Incredible Rockhopper Penguin Facts
New Zealand, Chile, South Georgia, the Falkland Islands, and Antarctica are all home to rockhopper penguins. There is a lot more to these cute, flightless birds than meets the eye. Did you know, for instance, that there are 18 distinct penguin species? Or that a fully grown male emperor penguin may weigh up to 100 pounds? Look no farther than this list of 10 remarkable facts about the rockhopper penguin if you’re looking for some jaw-dropping information to impress your pals with.
The smallest of the penguins is the rockhopper.
When compared to other penguin species, rockhopper penguins are among the tiniest. They top out at a maximum height of roughly 2 feet. They weigh only about 5.5 to 6.5 pounds, making them quite portable.
Rockhopper Penguins are an obnoxious and combative lot.
The northern rockhopper penguin is a tough little bird with a reputation for being a scrapper. These birds will get into fights over territory, mates, and food. When threatened, these penguins will often make loud calls to scare away potential danger. A special call lets them update their loved ones on their whereabouts. They are just trying to make it in a hostile world, and that can make them appear violent. However, rockhopper penguins also show a softer side, as evidenced by their demure head bowing and soft preening.
The Rockhopper penguin’s unique plumage and pattern of spots sets it apart.
The rockhopper penguin may be little, but it packs a powerful punch. The yellow tufts of feathers on the crown of these small penguins remind one of enormous, drawn-out eyebrows, making them instantly recognizable. Each penguin has its own distinctive pattern of black and yellow feathers beneath those tufts. Red beaks are very noticeable on rockhopper penguins. Interestingly, their beaks start out black but gradually lighten as they become older. The ruby irises of these intriguing animals stand in stark contrast to their black eyelids and cheeks.
The Cold-Tolerant Rockhopper Penguin
New Zealand, Chile, South Georgia, the Falkland Islands, and Antarctica are just few of the places on Earth where you can see rockhopper penguins in their natural habitat. They’re the ones you see popping up everywhere you look for penguins. Recent years have seen a precipitous drop in their numbers due to warming temperatures and increased predation. However, the rockhopper penguin is making a comeback because to extensive conservation efforts.
Their Eyes are Salt-Receiving Glandular
Did you know penguins have a natural defense against salt? That’s right! These marine birds get a lot of their daily sodium intake from the seafood they eat and the ocean water they bathe in. However, excessive salt can be harmful to cells, leading to their dehydration and eventual death. Penguins’ glands immediately above their eyes help them avoid this problem.
These glands secrete a fluid that the body uses to expel excess salt through the nasal passages. When the salt gets inside the nose, it has to go somewhere, and it usually comes out with a sneeze. Even for something as mundane as salt overload, nature has an incredible way of taking care of itself.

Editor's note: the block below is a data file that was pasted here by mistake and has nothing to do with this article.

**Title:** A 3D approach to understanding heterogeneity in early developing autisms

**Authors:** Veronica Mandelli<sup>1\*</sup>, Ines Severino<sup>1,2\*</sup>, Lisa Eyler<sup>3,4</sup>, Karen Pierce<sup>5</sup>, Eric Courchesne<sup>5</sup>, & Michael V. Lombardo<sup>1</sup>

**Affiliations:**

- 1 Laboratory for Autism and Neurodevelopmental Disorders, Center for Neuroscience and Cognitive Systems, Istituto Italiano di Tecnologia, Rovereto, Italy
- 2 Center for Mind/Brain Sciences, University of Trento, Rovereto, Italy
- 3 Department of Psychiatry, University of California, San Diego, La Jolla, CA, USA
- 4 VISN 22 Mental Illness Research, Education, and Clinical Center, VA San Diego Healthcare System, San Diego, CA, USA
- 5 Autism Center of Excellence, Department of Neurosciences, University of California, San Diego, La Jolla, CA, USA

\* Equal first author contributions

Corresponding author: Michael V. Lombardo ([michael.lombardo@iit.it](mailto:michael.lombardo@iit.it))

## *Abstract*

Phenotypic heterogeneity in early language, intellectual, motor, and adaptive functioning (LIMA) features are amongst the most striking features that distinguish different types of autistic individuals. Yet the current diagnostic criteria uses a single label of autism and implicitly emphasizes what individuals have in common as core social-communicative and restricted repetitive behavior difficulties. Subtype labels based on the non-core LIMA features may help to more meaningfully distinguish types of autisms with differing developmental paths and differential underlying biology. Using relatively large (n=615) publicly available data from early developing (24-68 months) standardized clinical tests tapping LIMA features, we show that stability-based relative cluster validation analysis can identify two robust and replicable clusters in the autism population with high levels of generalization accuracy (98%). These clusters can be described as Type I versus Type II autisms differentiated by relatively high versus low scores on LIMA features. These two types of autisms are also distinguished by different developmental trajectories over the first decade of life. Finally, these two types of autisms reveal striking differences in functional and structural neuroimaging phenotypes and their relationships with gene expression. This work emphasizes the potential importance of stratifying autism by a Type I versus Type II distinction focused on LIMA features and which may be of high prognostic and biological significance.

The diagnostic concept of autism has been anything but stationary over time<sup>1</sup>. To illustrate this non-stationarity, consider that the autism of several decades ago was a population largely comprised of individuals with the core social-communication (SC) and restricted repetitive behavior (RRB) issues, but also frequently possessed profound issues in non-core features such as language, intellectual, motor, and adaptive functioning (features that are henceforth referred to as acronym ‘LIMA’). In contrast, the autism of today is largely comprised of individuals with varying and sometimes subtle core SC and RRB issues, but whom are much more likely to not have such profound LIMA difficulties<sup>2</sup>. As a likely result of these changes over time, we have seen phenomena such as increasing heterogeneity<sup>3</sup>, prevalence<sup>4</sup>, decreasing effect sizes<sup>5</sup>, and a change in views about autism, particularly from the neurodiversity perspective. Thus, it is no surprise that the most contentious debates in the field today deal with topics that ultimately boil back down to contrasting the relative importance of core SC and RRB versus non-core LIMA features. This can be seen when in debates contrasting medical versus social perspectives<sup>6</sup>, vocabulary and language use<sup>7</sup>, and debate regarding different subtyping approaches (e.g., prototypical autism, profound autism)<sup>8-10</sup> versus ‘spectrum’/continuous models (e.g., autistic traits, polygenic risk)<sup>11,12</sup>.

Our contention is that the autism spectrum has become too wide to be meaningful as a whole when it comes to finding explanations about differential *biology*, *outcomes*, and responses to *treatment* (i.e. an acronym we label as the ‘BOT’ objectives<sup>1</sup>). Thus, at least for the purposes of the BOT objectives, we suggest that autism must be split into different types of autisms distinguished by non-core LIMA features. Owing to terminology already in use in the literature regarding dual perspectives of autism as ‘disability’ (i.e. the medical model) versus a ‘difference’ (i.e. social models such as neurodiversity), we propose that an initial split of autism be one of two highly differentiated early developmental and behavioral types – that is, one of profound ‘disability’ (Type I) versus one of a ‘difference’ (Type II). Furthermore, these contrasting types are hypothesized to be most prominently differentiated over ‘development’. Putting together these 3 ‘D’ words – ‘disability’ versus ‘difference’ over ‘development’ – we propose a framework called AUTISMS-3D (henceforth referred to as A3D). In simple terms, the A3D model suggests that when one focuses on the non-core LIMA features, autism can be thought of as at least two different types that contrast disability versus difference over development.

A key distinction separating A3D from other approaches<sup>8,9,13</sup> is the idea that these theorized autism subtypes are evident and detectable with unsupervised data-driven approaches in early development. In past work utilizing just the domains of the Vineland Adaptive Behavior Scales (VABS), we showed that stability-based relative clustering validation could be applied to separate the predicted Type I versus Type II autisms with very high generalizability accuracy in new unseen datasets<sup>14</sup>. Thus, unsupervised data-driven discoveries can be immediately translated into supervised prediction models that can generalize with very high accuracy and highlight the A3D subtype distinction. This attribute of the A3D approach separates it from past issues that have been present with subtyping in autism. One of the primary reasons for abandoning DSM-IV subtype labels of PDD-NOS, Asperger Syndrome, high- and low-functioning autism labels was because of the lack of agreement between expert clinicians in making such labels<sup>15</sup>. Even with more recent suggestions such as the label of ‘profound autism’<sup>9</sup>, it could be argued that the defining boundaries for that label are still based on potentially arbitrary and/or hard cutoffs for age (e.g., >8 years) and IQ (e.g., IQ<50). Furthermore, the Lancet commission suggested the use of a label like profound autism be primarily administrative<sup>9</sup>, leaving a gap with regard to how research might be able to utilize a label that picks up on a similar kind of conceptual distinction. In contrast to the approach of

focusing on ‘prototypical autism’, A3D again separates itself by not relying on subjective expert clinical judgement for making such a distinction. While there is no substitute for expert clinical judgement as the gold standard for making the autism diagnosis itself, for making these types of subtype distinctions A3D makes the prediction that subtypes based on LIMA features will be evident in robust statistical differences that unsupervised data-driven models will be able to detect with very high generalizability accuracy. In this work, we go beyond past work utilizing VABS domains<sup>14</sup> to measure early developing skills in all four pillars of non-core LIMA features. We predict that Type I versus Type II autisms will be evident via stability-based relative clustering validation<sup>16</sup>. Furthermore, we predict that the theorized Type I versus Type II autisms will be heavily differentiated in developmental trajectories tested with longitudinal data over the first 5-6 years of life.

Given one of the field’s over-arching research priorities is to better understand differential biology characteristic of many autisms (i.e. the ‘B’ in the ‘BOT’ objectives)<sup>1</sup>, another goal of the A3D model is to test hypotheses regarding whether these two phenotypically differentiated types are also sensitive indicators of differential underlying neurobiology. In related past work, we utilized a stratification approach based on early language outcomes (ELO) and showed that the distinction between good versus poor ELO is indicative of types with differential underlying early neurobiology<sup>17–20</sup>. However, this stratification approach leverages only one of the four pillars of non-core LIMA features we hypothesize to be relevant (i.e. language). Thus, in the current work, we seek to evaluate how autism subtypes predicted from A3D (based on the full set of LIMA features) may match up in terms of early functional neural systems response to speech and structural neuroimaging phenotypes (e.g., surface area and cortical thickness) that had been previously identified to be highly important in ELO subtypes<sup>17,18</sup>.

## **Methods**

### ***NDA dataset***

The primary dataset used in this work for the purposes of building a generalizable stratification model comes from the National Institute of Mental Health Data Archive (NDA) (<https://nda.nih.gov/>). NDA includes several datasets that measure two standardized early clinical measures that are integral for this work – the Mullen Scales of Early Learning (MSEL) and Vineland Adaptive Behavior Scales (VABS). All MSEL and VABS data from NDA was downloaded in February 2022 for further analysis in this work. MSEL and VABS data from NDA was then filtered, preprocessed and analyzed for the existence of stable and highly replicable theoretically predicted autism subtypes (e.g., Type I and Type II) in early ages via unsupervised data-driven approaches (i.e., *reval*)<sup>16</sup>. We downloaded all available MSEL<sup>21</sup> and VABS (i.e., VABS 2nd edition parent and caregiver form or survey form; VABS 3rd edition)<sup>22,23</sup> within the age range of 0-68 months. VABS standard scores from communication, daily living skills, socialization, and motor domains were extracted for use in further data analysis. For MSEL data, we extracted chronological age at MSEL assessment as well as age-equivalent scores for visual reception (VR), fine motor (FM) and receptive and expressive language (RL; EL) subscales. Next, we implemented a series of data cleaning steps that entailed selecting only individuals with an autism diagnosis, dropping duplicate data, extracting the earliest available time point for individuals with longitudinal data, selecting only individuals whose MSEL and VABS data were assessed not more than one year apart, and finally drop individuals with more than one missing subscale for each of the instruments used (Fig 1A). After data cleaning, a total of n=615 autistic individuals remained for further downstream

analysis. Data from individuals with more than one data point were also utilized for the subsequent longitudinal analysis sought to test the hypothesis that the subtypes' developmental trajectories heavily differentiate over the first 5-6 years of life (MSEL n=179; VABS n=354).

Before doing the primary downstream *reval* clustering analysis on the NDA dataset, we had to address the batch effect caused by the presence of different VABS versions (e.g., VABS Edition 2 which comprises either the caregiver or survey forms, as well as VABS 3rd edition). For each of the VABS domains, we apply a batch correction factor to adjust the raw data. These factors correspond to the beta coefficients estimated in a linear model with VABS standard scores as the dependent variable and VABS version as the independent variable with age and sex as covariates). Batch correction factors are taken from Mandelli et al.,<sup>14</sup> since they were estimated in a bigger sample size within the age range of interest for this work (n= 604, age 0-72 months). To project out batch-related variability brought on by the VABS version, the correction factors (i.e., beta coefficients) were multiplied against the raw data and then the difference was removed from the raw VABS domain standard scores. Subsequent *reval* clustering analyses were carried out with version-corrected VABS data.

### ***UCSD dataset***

The diet of a Rockhopper Penguin varies greatly.
The penguin is one of the world’s most popular birds. They’re cute, hilarious, and full of whimsy. But what does rockhopper penguins eat in some really innovative ways. Food is one of these birds’ many passions. They consume krill, fish, squid, crabs, and whatever else they can get their mouths on. Sadly, rockhopper penguins will eat virtually anything they find in the ocean or that washes ashore, even trash, because they mistake it for food. The prospects of survival for these beautiful birds are slim if they accidentally find and ingest a piece of plastic floating in the ocean.
Unfortunately, because to human activities including oil spills, egg harvesting, and commercial fishing, these penguins are now considered to be in a vulnerable status. However, these incredible beings are not doomed yet. We can help ensure that penguins get the chance they deserve to survive and prosper for future generations by engaging the public and implementing conservation measures.
Rockhoppers form lifelong pairs and produce two offspring at a time.
Soul mates must exist for rockhopper penguins, as they form lifelong partnerships. Until one of them dies, they will remain entirely loyal and devoted to one another. The parents of a rockhopper penguin chick are both the male and female of the species. The female lays two eggs at once, which she carefully balances on her feet while keeping warm with her own body.
After about 38 days, the chicks emerge from their eggs.
Chicks of the rockhopper penguin species typically hatch after 38 days and are fully independent after 70 days. Nonetheless, they tend to live with their parents until they are about two years old. Next, they’ll be ready to fly out. (leave the nest to disperse to breeding colonies of their own).
There are certain Dangers to Rockhopper Penguins
Leopard seals, orcas, and skuas are among the predators that rockhopper penguins face in the wild. However, because it prefers to dwell in isolated areas, it faces little danger from these predators. When threatened, rockhopper penguins may rely on their sharp beaks, lightning-fast reflexes, and strong social bonds to fend off predators. The ice floes on which these birds dwell and hunt are melting due to climate change, posing a threat in addition to natural predators. The water that rockhoppers rely on for sustenance is under risk from oil leaks.